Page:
The Lunts may, in certain circumstances, have sweetspots or a red glow around the edge of the view. I'm sure the Daystar isn't all perfect either, but it's "the devil I don't know" right now.
George wisely pointed out early in this thread that my decision may come down to my own personal preferences for portability. I seem now to be faced with the full range of sizes and weights. The Daystar system seems very powerful but it needs my big refractor plus power plus a 10 minute wait for the filter warm up, etc. Right at the other end of the scale the 80 is supremely portable, and quick and simple to setup. Maybe in an ideal world I'd have the 80 and the Daystar - simple, great full-disc views combined with elaborate but high-resolution zoomed-in views. But I'm not made of money!! The 100, at least, is a "jack of all trades, master of none" with an upgrade path to DS further down the road.
Posted 24 April 2014 - 12:21 PM
I'm personally not a big fan of daystar because most of their filters require electricity, the blocking filters eventually wear out, and the field of view tends to be narrow. But some people like them. So whatever floats your boat.
Posted 25 April 2014 - 02:58 PM
All things being affordable I'd probably have a nice, simple, portable and very-effective-at-what-it-does 80 DS, plus the Daystar Quantum system to use with my 152ED for high resolution viewing. (In a perfect world, the Quark would affordably fill the Daystar Quantum's role for me so that I could afford the Lunt 80 as well - regrettably I think it doesn't because of its high 4.3x magnification factor coupled with its inability to switch telecentric Barlow powers to change things around when coupled with aperture stops. The wide interest in the Quark, and the large amount of discussion it's generating, is shedding very helpful light on what people find the Daystar-type views to be like though. Very helpful for me). In this imaginary world I'd sometimes use the Lunt, sometimes the Daystar, perhaps even sometimes both side-by-side.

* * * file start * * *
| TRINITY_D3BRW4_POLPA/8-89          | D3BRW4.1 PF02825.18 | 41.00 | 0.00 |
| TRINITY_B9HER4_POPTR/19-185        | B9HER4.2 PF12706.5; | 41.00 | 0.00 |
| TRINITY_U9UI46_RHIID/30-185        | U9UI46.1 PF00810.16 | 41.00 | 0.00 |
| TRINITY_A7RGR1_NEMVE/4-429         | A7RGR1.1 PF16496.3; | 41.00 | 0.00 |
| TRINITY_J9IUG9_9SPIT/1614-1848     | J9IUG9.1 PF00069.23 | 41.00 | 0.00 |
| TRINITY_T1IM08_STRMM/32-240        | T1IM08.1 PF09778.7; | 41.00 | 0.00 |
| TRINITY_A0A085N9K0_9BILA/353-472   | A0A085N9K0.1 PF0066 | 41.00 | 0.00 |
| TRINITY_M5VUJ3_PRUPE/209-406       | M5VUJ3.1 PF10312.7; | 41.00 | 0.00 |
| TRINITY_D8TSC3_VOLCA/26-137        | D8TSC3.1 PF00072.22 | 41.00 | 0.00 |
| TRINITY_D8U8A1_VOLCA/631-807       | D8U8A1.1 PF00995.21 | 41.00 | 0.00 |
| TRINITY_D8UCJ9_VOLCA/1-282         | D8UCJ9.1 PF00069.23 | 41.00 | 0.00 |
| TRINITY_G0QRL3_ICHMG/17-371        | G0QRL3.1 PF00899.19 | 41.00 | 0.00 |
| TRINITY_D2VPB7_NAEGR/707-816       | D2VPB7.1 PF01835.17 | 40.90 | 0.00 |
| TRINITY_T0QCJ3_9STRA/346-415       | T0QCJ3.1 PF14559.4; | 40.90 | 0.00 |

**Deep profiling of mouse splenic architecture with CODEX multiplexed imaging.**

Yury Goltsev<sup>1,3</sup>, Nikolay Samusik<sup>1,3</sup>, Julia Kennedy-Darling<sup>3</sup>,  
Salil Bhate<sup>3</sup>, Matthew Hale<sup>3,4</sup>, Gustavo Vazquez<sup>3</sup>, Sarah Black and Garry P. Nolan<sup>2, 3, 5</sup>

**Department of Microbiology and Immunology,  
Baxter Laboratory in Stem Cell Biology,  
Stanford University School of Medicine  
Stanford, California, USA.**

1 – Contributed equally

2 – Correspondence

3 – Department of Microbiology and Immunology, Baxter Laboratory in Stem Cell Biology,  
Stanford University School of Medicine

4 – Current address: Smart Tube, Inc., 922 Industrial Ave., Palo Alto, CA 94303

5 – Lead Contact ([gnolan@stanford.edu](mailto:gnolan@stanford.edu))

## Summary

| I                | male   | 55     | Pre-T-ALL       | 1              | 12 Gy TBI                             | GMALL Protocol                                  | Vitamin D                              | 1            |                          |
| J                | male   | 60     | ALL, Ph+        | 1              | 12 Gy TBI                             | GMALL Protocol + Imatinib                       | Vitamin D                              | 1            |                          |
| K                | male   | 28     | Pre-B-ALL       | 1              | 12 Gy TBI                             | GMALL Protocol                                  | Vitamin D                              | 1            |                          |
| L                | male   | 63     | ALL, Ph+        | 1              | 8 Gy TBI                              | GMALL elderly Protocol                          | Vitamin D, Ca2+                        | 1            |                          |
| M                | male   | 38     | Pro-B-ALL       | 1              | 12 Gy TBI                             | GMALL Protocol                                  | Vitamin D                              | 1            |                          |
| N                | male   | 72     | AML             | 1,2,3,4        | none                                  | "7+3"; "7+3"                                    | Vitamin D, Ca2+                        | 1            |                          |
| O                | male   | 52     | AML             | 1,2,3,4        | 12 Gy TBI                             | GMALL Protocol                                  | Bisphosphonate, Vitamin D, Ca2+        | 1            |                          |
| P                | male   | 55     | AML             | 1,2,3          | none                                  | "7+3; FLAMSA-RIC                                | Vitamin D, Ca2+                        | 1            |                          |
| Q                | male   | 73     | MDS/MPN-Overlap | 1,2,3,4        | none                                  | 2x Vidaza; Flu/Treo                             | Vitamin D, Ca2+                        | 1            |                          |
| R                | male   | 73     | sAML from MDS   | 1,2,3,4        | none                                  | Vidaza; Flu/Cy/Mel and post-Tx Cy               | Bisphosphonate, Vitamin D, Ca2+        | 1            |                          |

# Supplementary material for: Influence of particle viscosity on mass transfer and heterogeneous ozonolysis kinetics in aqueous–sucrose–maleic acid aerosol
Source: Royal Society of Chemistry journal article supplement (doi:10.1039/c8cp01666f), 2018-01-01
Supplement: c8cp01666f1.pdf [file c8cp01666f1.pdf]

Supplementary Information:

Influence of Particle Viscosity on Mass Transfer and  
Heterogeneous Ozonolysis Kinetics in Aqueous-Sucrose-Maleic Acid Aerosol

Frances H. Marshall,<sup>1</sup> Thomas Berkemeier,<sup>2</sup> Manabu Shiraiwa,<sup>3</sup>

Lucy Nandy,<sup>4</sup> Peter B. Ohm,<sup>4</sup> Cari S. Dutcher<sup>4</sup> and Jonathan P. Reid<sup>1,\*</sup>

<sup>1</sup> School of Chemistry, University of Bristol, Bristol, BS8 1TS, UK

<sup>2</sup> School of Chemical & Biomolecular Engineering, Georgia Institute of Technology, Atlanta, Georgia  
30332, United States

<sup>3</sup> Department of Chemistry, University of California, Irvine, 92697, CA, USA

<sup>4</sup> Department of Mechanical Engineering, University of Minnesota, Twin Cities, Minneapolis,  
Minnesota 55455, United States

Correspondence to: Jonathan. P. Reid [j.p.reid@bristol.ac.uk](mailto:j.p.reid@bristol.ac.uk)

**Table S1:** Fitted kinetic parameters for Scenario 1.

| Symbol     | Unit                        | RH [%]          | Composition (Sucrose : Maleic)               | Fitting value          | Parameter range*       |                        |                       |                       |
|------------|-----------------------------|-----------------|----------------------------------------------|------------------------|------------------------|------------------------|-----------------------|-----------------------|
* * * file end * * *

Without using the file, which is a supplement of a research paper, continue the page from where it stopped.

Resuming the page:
I may be leaning towards just getting the Daystar Quantum if I can only afford one because it offers versatility in being usable with aperture stops to get a full disc view (and probably a fantastic one at that) when desired, and a when using full/near-full aperture in good seeing. And it costs LESS than the DS80 (given that I already have my 152ED to use it with), while still operating at 0.5 Angstroms bandpass. But the all-conquering ergonomics/value-of-grab-and-go issue could still override all that. Anyway, here are some details surrounding the Daystar system that I'm chewing on at the moment:
- Tuning is slow because it's done by changing the temperature of the etalon. Red shifting takes 8 minutes, blue shifting takes longer. No "quick" adjustment. I suppose once you find a setting that works you can sort of stick with it. But something to think about and less opportunity to experiment in a carefree sort of way.
- Initial warmup time on the order of ~10 minutes
- Needing power isn't *necessarily* such an issue for me. I'd often want tracking anyway, in which case the battery is there anyway.